The pandemic was a doozy for all our students, but it was a double whammy for students who struggle with executive functioning. Not only did they miss out on a huge chunk of time for developing and practicing appropriate social skills, but they also missed out on opportunities for learning and practicing the soft skills that are essential for success yet are so easily taken for granted.
Dr. Andrea Ogonosky’s new webinar training Tools to Teach Executive Functioning focuses on defining and illuminating the executive functioning skills needed for success in school. Most importantly, she identifies the foundational skills that are first needed to acquire the more advanced executive functioning skills that create success in academics and behavior. This webinar training isn’t just an abstract sit-and-get. Dr. Ogonosky provides simple, concrete strategies to teach these skills and helpful how-tos for inclusion in lessons and classroom activities.
Please remember that executive functioning skill deficits are not learning disabilities. Executive functions are the directive capacities that cue the use of other mental capacities. It is the brain’s ability to delegate work and complete tasks through planning, organizing, and executing. Executive functioning skill deficits manifest as difficulties in producing. These kids are not struggling with learning; they are struggling with showing their learning. This affects a lot of people, and it is a skill set that begins developing very early in childhood and takes 25 years to complete.
Executive functioning is comprised of two sets of skills that are necessary for success in school: foundational and advanced. Foundational skill acquirement should be the focus in elementary, and advanced skills can begin in middle school, but they most likely won’t be fully realized till well after high school. It is important to remember that all students benefit from this kind of instruction, support, and opportunities for practice, from Pre-K all the way through the 12th grade.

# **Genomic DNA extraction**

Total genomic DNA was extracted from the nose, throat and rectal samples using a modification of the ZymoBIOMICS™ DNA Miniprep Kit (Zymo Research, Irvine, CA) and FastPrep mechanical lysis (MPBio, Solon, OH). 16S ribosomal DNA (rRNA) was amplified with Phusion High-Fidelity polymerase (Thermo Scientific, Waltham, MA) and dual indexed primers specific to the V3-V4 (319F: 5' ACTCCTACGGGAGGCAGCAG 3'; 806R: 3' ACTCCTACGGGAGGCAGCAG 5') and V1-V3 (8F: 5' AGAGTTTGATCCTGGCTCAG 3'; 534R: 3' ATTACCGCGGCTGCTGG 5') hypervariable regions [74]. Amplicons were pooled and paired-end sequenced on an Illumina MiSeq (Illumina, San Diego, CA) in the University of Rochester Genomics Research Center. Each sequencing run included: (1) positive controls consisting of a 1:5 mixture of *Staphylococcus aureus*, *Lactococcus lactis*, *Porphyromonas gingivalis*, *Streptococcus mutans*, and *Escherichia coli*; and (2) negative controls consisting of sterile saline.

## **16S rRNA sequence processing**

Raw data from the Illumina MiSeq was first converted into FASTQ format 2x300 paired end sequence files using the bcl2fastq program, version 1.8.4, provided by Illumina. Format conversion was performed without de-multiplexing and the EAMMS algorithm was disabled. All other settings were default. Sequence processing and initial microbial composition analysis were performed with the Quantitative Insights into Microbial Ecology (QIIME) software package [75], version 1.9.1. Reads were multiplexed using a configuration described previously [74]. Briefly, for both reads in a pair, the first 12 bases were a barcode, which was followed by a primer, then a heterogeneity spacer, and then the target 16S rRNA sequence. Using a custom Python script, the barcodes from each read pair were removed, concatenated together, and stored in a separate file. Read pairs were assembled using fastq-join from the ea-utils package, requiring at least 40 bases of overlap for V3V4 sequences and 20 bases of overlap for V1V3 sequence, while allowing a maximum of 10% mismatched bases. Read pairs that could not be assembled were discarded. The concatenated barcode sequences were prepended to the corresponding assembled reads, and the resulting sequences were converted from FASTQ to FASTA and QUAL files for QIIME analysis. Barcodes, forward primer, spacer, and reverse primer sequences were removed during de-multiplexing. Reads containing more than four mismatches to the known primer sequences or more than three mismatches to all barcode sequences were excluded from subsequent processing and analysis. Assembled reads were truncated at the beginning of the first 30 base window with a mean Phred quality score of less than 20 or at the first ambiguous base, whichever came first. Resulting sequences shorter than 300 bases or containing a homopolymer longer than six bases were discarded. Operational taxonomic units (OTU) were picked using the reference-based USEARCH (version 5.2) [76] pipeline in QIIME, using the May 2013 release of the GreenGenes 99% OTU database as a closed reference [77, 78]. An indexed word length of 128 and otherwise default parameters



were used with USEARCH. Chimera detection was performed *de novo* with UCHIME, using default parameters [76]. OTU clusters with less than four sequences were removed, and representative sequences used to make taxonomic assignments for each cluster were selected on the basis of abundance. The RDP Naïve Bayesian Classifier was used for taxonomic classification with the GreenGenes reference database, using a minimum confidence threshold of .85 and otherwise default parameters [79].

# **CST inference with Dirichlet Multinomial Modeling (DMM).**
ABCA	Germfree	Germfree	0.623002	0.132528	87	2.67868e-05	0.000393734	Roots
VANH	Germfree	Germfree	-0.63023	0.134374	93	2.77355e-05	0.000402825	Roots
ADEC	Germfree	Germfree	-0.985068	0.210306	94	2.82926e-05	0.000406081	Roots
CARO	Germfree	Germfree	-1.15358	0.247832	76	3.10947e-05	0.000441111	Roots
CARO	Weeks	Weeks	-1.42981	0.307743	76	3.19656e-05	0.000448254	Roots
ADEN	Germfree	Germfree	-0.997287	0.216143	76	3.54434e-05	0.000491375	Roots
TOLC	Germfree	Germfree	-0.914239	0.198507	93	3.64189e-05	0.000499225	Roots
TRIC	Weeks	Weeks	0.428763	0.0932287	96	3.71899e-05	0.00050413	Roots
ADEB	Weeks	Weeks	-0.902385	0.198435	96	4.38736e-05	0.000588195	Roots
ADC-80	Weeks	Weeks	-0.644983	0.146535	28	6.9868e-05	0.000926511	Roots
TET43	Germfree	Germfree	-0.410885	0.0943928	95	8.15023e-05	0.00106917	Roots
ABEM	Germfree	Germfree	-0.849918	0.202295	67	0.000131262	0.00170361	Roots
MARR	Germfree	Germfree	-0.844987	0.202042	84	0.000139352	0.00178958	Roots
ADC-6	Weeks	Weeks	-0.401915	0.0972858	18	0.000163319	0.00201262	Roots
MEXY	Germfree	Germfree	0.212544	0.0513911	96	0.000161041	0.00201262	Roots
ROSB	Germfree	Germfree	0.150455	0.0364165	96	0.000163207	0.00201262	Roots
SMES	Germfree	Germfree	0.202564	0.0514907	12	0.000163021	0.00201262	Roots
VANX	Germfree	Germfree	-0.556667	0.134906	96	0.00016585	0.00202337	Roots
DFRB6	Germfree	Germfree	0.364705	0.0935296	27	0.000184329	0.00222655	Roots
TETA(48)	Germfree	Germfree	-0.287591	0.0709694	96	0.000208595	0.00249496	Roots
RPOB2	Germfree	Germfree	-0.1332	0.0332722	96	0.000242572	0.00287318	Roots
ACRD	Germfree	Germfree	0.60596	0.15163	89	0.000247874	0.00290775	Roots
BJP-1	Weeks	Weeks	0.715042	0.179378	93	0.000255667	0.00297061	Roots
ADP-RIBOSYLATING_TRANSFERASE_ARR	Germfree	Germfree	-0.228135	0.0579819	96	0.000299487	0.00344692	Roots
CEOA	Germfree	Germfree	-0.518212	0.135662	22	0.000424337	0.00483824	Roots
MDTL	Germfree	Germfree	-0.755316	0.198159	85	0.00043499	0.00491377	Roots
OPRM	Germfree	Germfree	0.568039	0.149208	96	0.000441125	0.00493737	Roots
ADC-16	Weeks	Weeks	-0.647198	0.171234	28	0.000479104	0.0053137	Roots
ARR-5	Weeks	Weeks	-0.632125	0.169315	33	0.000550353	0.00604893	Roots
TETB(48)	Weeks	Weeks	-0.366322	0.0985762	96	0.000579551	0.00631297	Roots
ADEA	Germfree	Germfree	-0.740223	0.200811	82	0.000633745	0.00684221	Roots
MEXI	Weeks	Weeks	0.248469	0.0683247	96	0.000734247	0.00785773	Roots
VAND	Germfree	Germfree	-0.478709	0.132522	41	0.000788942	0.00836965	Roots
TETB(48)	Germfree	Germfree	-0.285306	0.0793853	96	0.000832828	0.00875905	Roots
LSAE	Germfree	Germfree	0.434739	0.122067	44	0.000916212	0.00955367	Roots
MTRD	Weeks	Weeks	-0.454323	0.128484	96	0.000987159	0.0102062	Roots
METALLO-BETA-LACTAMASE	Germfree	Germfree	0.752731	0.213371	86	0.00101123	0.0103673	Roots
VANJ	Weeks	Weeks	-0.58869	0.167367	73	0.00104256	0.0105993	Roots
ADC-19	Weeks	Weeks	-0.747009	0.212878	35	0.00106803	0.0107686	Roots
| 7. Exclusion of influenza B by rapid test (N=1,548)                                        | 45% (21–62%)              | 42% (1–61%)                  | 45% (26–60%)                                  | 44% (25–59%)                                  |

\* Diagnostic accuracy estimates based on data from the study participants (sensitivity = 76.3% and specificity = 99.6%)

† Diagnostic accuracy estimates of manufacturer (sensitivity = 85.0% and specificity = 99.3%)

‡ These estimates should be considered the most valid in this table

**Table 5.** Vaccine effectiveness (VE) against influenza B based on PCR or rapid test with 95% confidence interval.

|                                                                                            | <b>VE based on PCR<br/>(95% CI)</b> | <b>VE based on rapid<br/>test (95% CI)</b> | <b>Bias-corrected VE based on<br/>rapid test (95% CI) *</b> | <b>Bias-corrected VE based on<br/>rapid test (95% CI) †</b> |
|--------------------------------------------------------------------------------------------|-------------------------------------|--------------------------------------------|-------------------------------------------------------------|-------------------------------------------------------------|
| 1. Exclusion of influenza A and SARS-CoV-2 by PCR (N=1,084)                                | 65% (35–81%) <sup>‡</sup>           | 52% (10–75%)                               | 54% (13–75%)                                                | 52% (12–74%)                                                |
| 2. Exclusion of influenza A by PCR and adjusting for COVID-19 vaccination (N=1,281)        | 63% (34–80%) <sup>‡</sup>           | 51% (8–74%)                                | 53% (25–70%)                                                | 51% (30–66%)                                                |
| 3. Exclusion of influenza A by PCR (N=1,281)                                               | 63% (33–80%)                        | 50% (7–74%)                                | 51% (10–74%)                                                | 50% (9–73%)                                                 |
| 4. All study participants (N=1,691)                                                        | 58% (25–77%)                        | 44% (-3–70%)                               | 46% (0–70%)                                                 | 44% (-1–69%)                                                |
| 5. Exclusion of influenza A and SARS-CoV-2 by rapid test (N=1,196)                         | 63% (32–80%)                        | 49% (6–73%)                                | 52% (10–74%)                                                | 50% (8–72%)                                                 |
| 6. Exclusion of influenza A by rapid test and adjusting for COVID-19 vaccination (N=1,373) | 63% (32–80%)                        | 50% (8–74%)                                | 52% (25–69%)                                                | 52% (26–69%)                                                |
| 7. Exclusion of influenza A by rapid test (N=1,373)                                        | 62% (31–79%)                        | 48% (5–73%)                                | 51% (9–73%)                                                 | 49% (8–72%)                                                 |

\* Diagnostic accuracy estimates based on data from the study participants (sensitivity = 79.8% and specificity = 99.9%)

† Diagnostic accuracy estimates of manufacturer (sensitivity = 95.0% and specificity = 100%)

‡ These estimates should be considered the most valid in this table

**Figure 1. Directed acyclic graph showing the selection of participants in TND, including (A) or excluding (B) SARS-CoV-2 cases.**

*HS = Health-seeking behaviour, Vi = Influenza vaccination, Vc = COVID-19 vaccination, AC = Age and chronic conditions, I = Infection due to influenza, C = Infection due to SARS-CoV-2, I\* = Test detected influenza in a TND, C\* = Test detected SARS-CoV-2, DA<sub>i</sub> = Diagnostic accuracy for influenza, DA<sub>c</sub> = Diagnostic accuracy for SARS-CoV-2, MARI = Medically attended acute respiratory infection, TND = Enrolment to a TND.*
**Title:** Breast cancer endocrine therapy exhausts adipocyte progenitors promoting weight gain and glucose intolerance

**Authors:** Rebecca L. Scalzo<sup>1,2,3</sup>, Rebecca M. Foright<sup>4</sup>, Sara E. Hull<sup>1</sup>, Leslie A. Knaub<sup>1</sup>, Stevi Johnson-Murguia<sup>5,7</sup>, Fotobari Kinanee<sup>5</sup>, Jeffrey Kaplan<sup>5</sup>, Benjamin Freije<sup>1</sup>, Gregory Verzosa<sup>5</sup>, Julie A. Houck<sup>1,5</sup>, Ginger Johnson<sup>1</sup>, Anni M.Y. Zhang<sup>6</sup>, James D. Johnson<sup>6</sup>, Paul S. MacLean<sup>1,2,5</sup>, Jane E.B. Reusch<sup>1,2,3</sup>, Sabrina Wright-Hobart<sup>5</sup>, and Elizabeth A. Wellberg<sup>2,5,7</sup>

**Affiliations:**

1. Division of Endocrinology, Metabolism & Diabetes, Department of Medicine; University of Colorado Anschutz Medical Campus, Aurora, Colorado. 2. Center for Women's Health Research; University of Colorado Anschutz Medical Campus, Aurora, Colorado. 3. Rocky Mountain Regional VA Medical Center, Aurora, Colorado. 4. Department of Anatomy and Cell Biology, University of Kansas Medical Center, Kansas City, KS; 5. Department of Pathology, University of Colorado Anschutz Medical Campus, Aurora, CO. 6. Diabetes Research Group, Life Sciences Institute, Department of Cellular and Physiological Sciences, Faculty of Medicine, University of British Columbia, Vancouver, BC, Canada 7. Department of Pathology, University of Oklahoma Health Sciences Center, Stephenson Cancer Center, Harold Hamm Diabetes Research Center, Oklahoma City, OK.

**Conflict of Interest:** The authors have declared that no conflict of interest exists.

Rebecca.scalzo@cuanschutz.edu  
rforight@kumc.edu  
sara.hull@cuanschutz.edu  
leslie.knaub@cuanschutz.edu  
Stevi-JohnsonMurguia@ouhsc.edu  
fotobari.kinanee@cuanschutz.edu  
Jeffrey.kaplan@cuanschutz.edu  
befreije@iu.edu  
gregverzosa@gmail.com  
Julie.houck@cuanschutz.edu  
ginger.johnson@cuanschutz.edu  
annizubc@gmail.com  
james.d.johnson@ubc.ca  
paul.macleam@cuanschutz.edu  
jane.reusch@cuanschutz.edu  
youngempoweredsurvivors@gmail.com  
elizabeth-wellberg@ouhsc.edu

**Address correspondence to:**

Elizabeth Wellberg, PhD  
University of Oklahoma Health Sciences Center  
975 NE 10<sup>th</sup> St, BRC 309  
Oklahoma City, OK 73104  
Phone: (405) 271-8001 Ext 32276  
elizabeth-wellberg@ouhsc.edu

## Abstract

In this webinar training, Dr. Ogonosky fully explains the different foundational and advanced skills needed for successful executive functioning, and she shows how foundational skills like response inhibition, working memory, and emotional control in elementary school evolve into the advanced skills of planning, organization, time management, and goal directed persistence. For each of the critical foundational skills needed for executive functioning, Dr. Ogonosky provides concrete tips and strategies to literally teach each of these skills and support students as they practice them. Yes, students can learn how to control their emotional responses, adapt to a changing situation, and stay focused despite boredom, fatigue, or distractions. This absolutely can be done, and it should be done. Furthermore, the advanced skills—time management, planning, organization, the things that drive teachers bananas when students fail to demonstrate them—all rely on these foundational skills. You can’t multiply before you learn how to add.
These are things we can teach our kids, and we should be teaching them. Very few children walk into classrooms adept at meta cognition. Furthermore, many adults go their entire school career never receiving explicit instruction in any of these skills, and some go on to rely on others to help manage their time and organize their lives. This is not something for anyone to be ashamed of, but it is a reminder that we as educators can do better.
Education is as much about learning how to be your most successful, productive self as it is about memorizing facts, analyzing a text, or passing STAAR. We owe it to our kids to teach them how to be successful. And, frankly, teacher’s lives become so much easier for it. Students who are successful and productive academically are much better behaved (and happier!) than a kid who is learning but is unable to show what they are learning.
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